Instead he goes with the girl’s father, all the way into the room where she lies dead. And he calls forth from the crowd the woman who has been cured by touching his robe. He faces the realities of death, illness, and suffering, and he publicly calls attention to them. He makes it very clear that these things are real, and that there is no escaping them, no matter how much we might try to keep them hidden.
But he does not leave the matter there. He allows the woman to be healed of her hemorrhages. He raises the girl to life and health. This does not mean that they will never have to suffer illness or death again. What it does mean is that those things are not part of God’s plan for humanity. Death and disease are neither the normal state of things nor a means of escape. They are enemies to be vanquished. In healing the woman and raising the girl, Jesus has given us signs of the kingdom of God, and promises of how God will restore all things in the end.
Yet as profound as such miraculous manifestations of God’s power may be, we know that Jesus is still not finished. He will go willingly to the cross and face death for himself. He will defeat it and rise victorious from the grave. And in doing so he will transform death forever, redeeming even what is contrary to God’s plan so that it may be used by him to accomplish our salvation.
Alexander Schmemann wrote of it this way: “Christianity is not reconciliation with death. It is the revelation of death, and it reveals death because it is the revelation of Life. Christ is this Life. And only if Christ is Life is death what Christianity proclaims it to be, namely the enemy to be destroyed…The horror of death is, therefore, not in its being the ‘end’ and not in physical destruction. By being separated from the world and life, it is separation from God…It is when Life weeps at the grave of the friend, when it contemplates the horror of death, that the victory over death begins.”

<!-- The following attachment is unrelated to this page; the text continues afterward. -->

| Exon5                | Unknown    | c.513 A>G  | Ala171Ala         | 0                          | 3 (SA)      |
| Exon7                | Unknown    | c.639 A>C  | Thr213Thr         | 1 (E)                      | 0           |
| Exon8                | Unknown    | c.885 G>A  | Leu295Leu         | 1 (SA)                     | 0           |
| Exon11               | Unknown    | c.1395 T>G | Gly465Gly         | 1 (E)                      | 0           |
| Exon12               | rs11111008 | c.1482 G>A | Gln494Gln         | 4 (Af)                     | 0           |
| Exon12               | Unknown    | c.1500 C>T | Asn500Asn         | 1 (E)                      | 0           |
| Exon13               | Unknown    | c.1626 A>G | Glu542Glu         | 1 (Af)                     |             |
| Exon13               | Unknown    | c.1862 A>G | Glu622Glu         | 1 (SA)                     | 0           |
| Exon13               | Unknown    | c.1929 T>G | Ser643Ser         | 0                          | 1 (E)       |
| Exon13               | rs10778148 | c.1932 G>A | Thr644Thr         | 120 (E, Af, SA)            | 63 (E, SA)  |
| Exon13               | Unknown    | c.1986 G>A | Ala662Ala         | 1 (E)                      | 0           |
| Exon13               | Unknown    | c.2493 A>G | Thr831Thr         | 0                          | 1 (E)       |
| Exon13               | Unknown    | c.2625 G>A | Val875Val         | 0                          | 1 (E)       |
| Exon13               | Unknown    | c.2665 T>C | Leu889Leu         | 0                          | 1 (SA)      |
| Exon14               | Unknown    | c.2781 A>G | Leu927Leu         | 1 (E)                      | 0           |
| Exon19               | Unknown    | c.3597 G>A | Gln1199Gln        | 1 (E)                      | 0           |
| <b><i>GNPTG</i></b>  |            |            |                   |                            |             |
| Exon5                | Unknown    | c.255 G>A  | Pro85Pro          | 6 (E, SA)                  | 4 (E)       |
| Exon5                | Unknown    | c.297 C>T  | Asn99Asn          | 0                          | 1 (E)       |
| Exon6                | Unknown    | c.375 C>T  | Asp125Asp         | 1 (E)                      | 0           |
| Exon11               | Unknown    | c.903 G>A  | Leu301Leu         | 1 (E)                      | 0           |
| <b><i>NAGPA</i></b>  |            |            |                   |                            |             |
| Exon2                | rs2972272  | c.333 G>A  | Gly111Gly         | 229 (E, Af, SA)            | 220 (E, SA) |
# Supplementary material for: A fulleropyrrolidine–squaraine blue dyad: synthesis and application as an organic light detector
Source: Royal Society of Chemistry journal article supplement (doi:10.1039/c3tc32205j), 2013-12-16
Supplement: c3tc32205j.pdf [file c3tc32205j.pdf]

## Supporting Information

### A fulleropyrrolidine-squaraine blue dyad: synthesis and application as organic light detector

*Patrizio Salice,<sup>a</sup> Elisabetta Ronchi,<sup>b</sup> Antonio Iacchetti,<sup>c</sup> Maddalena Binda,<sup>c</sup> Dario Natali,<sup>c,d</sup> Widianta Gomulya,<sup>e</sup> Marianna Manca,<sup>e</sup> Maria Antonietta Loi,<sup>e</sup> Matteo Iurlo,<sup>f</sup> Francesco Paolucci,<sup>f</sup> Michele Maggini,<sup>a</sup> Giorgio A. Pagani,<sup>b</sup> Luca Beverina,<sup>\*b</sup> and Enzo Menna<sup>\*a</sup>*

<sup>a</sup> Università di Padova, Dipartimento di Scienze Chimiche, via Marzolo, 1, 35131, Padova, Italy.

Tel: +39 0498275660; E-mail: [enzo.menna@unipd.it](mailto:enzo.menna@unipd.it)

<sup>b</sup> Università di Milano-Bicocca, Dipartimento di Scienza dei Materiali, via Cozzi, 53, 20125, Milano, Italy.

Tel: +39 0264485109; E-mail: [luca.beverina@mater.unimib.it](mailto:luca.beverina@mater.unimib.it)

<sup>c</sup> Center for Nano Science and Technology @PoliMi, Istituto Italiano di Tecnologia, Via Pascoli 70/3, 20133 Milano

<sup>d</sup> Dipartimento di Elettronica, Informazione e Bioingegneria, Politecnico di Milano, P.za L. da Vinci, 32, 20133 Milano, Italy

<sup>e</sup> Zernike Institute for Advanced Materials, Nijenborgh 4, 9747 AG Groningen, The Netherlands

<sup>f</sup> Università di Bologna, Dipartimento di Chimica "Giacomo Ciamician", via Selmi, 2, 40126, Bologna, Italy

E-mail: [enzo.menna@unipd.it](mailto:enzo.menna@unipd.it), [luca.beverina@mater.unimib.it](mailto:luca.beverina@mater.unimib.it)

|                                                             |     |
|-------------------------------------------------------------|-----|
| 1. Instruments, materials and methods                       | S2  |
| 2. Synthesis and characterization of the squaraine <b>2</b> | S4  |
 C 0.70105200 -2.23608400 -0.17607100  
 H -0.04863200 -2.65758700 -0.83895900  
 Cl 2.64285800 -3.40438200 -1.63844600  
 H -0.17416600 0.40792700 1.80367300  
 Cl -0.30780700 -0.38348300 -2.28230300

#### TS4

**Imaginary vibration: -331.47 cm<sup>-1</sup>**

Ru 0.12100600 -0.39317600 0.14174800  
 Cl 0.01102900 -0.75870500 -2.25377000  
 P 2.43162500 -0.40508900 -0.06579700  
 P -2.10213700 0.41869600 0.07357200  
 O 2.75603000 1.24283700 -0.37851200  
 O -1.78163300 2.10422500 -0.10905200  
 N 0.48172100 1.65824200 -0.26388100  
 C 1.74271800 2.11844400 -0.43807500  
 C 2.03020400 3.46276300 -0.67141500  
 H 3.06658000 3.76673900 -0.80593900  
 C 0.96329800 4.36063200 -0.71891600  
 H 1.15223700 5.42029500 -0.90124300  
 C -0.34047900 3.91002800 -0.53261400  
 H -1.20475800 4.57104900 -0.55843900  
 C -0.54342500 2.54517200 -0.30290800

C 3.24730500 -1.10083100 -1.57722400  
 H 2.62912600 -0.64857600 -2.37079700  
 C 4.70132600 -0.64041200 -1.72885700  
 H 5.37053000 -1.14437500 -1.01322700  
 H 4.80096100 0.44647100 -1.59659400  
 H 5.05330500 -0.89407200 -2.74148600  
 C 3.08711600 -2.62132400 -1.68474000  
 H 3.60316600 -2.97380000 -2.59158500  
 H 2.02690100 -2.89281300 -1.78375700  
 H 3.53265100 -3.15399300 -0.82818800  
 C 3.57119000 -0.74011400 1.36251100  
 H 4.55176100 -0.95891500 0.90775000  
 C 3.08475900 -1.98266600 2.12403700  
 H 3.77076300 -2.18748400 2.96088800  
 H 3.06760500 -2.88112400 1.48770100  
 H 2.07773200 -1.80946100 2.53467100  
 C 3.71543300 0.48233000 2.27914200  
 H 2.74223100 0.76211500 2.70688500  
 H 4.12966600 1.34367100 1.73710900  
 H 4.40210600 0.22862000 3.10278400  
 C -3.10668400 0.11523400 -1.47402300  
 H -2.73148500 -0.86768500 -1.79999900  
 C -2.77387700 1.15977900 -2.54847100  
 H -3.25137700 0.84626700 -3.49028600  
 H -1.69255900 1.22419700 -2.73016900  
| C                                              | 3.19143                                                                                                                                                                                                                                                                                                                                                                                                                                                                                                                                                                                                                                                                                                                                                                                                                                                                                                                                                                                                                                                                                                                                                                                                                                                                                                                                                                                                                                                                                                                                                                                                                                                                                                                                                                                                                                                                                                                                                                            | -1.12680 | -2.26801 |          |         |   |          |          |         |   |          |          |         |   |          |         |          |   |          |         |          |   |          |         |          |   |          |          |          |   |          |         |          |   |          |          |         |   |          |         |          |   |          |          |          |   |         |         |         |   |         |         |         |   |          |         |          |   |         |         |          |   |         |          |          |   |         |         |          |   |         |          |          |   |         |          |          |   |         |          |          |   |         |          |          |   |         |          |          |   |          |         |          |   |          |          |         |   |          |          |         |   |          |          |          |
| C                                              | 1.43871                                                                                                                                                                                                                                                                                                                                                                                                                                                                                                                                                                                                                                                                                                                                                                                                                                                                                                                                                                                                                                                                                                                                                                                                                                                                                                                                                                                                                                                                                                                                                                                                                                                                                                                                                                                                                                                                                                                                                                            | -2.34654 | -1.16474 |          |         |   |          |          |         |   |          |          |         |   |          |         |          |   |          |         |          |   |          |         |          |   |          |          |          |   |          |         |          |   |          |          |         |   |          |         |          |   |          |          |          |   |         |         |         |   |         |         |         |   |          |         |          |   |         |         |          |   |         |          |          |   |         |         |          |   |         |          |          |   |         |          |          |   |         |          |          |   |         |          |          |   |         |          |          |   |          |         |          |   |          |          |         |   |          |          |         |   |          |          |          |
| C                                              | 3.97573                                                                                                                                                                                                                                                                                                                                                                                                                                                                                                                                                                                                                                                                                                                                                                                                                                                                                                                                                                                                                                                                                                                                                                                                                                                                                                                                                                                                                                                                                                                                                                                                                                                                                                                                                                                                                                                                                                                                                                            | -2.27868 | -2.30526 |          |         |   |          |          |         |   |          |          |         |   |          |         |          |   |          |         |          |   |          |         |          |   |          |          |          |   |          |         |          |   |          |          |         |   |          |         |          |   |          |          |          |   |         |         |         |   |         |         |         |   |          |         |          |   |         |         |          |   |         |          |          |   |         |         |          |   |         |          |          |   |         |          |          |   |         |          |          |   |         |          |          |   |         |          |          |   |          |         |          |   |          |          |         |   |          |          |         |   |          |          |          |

If we are to follow Christ’s example, then the church’s response to death should be neither to shrink from its devastating horror, nor to pretend it is really something good. Rather we must proclaim the reality of Christ’s victory over it, a victory hinted at in the Gospel we heard today, a victory made present to us week after week in the Eucharist, a victory so profound that even the horror of death pales in comparison to the power of God revealed in Christ.
And it is for this reason that we can face our own death with hope, because we have already, in this world, received the new life that comes from Christ’s victory. As Schmemann put it, “If I make this new life mine, mine this hunger and thirst for the Kingdom, mine this expectation of Christ, mine the certitude that Christ is life, then my very death will be an act of communion with Life.”
A few days after we left the funeral home, I stood with my family at the columbarium at my parents’ church. And there I led my father’s Committal from the Book of Common Prayer. The service included the following words which express precisely this kind of communion with Christ our Life–a communion which cannot be diminished even in death:
All that the Father giveth me shall come to me;
and him that cometh to me I will in no wise cast out.
He that raised up Jesus from the dead will also give life to our mortal bodies, by his Spirit that dwelleth in us. Wherefore my heart is glad, and my spirit rejoiceth;
my flesh also shall rest in hope. Thou shalt show me the path of life; in thy presence is the fullness of joy, and at thy right hand there is pleasure for evermore.